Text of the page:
You may have heard about goods being classified as either a search or an experience good. The concept is not new, and was actually developed by American economist Philip Nelson. These classifications provide a working distinction between different types of products and services. If you like/need examples of Nelson’s classifications, here are some. Paper (notebook, copier, etc.) is a search good. Paper products can be easily be compared and evaluated prior to purchase. Commodities are search goods.
A restaurant is, usually, an experience good.
A theme park is an experience good.
An experience good requires a user to actually experience the product/service to be able to evaluate it. This can include eating at a restaurant, sitting on a chair, or walking through a haunted house. The Internet and search and experience goods.
The Internet presents a great opportunity for businesses with experience goods (restaurants, bars, dance clubs, theme parks, etc.) to take, and showcase, their experience online. Not only will it reduce uncertainty amongst first-time users, but it can tap into people’s emotions, thereby creating a stronger bond. Here is a restaurant Web site that, in my opinion, leverages the power of the Internet to create an experience while having a rather basic Web site. Here is a great pizza place that does a terrible job of leveraging the internet to create an experience. Disclaimer: I have been to, and would recommend, both of the restaurants above. I went to the first restaurant primarily because of its Web site. The second, not so much.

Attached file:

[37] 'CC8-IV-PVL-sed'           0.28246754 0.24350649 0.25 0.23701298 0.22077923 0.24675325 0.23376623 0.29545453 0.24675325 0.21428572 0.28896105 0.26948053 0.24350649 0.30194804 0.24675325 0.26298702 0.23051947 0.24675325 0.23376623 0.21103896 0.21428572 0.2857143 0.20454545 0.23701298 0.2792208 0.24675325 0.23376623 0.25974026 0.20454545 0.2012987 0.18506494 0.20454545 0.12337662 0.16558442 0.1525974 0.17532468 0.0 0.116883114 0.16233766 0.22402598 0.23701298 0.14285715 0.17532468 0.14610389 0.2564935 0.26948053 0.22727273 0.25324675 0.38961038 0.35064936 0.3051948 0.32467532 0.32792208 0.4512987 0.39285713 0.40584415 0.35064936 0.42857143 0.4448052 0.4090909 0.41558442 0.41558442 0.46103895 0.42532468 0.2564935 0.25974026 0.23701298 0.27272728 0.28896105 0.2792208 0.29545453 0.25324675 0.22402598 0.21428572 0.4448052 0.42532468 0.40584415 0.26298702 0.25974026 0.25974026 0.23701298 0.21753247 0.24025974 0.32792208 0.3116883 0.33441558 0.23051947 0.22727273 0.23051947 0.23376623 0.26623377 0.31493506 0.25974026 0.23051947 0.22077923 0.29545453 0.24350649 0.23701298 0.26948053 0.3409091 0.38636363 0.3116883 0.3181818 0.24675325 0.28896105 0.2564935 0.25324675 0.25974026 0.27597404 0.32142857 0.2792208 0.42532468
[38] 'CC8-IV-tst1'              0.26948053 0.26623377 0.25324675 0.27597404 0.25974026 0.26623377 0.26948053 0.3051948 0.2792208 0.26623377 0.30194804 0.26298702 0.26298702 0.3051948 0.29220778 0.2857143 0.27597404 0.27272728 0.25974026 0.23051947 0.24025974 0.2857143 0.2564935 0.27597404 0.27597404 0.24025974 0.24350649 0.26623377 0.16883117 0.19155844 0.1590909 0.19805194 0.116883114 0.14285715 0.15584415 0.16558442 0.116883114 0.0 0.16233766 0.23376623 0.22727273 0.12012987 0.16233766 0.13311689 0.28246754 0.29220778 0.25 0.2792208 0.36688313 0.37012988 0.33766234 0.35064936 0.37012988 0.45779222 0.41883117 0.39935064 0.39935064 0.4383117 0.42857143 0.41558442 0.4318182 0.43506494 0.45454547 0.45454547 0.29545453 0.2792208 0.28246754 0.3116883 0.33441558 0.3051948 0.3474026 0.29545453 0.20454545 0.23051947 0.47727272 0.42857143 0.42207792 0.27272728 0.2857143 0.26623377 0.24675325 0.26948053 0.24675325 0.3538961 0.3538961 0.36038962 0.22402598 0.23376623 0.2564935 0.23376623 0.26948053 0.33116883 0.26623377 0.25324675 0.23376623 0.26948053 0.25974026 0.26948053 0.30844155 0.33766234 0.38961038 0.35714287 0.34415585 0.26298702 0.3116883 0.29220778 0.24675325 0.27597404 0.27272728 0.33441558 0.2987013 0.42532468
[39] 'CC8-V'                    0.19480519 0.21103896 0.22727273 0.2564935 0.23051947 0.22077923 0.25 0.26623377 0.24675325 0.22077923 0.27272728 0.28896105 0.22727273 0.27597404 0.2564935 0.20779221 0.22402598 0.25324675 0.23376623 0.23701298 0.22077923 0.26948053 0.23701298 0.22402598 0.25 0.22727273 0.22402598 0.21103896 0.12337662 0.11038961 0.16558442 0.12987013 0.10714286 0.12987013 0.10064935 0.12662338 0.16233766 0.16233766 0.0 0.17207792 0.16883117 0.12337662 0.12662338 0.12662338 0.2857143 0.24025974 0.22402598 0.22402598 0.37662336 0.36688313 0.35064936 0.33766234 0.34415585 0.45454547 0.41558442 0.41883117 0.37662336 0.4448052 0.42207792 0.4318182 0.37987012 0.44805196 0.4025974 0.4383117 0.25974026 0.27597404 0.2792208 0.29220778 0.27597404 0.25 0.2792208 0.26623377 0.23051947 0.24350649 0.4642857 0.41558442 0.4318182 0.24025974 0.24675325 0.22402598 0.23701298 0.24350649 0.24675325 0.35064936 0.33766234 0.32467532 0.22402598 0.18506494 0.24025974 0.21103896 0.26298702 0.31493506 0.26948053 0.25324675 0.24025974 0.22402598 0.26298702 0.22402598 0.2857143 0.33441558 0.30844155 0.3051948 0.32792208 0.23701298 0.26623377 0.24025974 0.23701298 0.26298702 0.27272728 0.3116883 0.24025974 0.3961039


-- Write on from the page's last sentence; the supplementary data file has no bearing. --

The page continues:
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An economics phenomenon, a search good refers to an item or service that carries a value that can be assessed prior to any sales transaction. It is a product that gives consumers some leverage because the worth of the item can be compared and contrasted with prices at other sales providers. Retailers can use a search good to their advantage by implementing a...
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